While Log4Shell saw limited mass exploitation, the threat remains a concern for the future, according to new research by Sophos.
The flaw, tracked as CVE-2021-44228, was discovered in December in the open source Log4j 2 software package developed by the Apache Software Foundation. It quickly gained attention due to its broad use and inclusion in a high number of software products, cloud services and web applications. More alarmingly, the flaw enabled threat actors to remotely execute malicious code.
Research from several security vendors showed widespread scanning and attempted exploitation of Log4Shell, which was soon leveraged by nation-state actors.
In a blog post Monday, Chet Wisniewski, principal threat researcher at Sophos, said while damage was more limited than anticipated, the flaw will “likely be a target for exploitation for years to come.” It could be buried deep in many digital applications and products, he said.
“Sophos believes that the immediate threat of attackers mass exploiting Log4Shell was averted because the severity of the bug united the digital and security communities and galvanized people into action,” Wisniewski wrote.
Prior instances of mass exploitation, such as the SolarWinds supply chain attacks and the ProxyLogon vulnerabilities in Microsoft Exchange Server, revealed organizations are slow to patch. They also highlighted the danger of backdoors, which are difficult to discover, and the impact on high-profile targets. This time, it appears enterprise security teams, infosec vendors and cloud services were quicker to act.
Sophos, which tracked the flaw since Dec. 9, reviewed the scans for exposed instances of Log4j and observed attacks. Wisniewski noted patterns in the first few days were “typical” for a newly reported vulnerability. However, there was a significant increase in scanning activity in just one week. Numbers peaked between Dec. 20 and the 23, according to the blog.
“The numbers simply confirm that a great many people, with good or bad intentions, were trying to gauge how vulnerable others were to the threat by looking for the number of potentially exposed systems,” he wrote.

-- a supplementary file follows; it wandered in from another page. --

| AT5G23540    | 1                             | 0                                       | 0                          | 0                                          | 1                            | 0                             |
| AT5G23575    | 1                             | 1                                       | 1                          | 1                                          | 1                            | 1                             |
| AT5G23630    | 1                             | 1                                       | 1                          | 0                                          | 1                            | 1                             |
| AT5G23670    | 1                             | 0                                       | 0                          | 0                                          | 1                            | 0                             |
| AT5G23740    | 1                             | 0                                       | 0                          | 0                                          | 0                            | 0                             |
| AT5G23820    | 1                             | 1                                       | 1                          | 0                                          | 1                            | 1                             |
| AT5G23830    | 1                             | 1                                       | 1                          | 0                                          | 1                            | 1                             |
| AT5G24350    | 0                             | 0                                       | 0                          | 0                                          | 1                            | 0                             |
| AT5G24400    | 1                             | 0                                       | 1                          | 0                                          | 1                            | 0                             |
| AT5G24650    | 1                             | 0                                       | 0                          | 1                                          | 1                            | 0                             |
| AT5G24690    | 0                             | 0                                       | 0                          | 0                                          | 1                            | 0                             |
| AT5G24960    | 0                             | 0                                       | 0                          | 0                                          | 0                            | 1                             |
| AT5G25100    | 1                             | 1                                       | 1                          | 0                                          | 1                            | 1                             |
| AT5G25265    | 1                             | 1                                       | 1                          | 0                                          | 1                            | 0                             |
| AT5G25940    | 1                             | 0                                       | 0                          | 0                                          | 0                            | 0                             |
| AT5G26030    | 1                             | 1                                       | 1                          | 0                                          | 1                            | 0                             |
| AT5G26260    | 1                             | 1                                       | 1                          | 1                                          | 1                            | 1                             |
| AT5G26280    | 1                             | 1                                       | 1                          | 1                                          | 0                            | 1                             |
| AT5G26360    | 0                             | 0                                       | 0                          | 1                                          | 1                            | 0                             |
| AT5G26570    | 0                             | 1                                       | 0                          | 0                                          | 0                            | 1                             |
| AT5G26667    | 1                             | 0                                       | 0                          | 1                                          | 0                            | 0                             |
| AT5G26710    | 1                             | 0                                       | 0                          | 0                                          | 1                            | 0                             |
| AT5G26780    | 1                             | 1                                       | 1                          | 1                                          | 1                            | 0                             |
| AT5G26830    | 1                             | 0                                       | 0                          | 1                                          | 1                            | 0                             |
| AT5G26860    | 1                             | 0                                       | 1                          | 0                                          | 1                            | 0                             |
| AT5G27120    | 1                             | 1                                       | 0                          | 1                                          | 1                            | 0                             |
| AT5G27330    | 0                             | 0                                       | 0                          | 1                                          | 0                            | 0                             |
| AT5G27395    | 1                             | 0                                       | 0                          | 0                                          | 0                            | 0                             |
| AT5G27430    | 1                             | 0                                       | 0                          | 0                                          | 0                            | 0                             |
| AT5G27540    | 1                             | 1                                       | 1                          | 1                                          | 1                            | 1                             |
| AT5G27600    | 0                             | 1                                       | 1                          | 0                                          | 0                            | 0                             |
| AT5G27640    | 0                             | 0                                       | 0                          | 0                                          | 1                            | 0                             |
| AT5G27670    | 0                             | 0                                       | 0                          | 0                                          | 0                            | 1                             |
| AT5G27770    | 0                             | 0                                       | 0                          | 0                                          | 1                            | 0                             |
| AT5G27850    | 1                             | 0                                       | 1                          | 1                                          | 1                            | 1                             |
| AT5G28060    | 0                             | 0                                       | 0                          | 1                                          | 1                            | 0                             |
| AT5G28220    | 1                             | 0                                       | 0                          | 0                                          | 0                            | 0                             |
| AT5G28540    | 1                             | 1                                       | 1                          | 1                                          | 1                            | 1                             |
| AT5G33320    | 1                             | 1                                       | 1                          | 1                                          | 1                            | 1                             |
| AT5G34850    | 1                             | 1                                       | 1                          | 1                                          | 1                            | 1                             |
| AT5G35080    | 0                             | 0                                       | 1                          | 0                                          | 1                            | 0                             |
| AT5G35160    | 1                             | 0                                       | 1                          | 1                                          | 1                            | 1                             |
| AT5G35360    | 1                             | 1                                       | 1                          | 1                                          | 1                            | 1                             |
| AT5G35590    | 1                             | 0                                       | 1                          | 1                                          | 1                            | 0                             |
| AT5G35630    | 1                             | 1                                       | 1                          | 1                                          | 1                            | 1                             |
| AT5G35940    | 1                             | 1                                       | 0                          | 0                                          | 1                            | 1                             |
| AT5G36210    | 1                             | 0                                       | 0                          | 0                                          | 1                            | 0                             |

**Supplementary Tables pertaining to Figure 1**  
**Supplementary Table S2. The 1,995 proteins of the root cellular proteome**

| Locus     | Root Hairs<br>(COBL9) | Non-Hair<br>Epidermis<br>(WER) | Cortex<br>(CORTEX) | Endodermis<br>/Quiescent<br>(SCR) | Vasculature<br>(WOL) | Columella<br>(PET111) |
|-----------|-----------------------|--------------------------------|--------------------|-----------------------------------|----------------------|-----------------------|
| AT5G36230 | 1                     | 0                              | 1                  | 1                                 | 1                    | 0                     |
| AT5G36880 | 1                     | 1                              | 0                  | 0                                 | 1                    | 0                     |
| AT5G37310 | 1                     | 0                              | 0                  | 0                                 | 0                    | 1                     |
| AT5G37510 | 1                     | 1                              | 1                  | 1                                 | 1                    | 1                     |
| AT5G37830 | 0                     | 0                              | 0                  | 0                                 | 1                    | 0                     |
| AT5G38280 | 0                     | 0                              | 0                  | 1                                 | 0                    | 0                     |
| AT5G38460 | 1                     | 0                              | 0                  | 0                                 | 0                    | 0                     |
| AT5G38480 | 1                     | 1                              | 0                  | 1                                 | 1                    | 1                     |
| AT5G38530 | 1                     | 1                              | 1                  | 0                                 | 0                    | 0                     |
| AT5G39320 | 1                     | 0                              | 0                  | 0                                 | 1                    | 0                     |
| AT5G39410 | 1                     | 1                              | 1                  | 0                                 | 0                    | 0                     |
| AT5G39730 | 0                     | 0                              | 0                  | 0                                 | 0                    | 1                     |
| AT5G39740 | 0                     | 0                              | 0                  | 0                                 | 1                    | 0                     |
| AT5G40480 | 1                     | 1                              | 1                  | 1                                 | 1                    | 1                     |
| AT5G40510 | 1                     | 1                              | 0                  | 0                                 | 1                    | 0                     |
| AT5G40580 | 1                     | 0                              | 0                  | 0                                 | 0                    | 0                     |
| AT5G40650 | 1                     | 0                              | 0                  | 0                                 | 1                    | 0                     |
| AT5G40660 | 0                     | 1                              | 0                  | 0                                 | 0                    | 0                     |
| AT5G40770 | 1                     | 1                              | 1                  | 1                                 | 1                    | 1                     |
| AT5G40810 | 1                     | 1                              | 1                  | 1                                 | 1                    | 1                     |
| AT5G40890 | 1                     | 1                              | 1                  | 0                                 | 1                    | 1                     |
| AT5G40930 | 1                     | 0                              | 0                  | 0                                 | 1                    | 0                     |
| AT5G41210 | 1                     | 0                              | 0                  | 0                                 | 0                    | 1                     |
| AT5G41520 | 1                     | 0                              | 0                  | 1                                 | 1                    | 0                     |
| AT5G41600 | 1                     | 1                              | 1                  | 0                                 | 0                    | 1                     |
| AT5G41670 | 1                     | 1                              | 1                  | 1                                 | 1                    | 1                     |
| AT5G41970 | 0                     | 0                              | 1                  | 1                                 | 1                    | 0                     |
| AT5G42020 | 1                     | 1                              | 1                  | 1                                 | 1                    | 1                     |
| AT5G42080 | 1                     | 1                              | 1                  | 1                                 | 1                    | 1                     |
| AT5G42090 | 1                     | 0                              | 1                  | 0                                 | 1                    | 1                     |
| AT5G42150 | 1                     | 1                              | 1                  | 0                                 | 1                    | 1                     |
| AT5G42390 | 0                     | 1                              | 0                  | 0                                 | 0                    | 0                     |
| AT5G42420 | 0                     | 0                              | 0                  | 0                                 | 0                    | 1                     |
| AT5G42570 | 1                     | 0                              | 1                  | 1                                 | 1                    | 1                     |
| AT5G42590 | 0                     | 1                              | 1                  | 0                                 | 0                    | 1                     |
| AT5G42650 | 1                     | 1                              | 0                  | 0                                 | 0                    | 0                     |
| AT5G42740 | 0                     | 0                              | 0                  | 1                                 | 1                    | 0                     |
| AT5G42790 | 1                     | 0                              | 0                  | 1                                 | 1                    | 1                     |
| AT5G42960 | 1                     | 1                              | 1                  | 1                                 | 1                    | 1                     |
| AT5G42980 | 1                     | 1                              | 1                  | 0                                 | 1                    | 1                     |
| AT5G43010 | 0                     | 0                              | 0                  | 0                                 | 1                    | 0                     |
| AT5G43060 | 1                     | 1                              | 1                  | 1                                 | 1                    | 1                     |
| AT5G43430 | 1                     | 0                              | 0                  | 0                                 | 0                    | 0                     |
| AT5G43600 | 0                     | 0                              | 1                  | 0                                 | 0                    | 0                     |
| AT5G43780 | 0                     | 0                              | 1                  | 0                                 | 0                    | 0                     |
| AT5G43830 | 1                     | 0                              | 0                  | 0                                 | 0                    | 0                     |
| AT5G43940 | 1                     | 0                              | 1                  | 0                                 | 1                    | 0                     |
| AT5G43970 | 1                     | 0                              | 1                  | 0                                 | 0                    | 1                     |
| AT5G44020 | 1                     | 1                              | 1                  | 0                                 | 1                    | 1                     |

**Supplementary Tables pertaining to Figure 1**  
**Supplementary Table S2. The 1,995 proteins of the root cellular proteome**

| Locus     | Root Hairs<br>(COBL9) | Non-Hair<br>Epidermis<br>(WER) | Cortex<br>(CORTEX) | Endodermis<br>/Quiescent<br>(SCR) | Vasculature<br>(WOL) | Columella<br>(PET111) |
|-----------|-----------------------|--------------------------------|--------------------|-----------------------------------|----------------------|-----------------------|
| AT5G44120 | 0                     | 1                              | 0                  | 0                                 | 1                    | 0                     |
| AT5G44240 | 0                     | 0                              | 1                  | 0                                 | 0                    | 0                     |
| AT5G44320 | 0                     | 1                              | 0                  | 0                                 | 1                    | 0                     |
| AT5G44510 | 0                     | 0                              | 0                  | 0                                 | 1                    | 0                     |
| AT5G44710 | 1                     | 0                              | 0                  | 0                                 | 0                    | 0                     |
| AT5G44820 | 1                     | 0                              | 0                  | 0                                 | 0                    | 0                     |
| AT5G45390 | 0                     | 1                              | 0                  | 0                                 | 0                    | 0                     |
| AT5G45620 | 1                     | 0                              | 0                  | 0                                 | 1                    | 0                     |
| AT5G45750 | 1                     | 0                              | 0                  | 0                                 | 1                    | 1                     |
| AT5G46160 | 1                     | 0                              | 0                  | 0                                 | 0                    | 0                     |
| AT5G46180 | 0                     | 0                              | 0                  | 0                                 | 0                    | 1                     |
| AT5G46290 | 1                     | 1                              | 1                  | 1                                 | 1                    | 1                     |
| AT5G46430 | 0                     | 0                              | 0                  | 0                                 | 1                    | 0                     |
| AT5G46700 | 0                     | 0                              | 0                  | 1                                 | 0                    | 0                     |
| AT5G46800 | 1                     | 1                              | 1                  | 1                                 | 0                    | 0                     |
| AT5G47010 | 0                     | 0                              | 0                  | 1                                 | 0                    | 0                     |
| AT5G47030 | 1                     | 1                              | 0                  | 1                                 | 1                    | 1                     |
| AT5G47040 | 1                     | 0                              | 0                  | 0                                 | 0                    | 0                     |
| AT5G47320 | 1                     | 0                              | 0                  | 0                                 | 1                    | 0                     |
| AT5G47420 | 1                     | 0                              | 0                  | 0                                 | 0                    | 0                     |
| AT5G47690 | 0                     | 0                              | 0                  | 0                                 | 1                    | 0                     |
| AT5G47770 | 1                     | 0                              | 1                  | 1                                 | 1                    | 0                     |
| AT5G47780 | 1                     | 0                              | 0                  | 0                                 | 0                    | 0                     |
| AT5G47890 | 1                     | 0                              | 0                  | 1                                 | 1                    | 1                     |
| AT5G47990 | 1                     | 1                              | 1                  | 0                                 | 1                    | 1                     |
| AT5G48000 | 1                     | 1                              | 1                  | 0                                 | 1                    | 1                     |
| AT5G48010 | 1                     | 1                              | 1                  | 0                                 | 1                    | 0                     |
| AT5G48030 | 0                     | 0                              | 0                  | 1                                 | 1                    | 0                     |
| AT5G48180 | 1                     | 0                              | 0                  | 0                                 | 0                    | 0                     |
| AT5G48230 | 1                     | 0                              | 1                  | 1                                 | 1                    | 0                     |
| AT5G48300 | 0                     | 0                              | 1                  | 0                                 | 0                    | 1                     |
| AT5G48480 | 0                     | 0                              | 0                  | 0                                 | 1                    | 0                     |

The blog post covered Log4Shell’s global impact as well. While examining geolocations of callback destinations, Sophos discovered India topped the list, followed by the U.S., Turkey, Brazil and Australia. He attributed it potentially to the high number of bug bounty participants in those countries.
Attacks decline, for now
Beginning in late December though January of this year, Wisniewski said Sophos observed a decline in attack attempts, but those that did occur had a higher likelihood of being “real attacks.” Still, Sophos research determined that the “overall number of successful attacks to date remains lower than expected.”
He attributed that to two factors. First, Wisniewski said, by January only a handful of Sophos Managed Threat Response Team customers experienced intrusion attempts that used Log4Shell, and a majority were cryptominers.
“Another possible reason for the limited mass exploitation could be the need to customize the attack to each application that includes the vulnerable Apache Log4J code,” Wisniewski wrote.
Though fallout appears limited now, it may not bode well for the future. Wisniewski noted that in the past, Sophos observed nation-state threat actors from countries such as Iran and North Korea install backdoors before targets could patch, and then wait months before attacking. Additionally, he said “unknown internally vulnerable systems may never be known or discovered, and these will remain a security risk.”
After a review of the scans, patterns and attack detections, Sophos determined that risks associated with the Log4j flaw will “likely continue for years.”
“The urgency of identifying where it is used in applications and updating the software with the patch remains as critical as ever,” he wrote.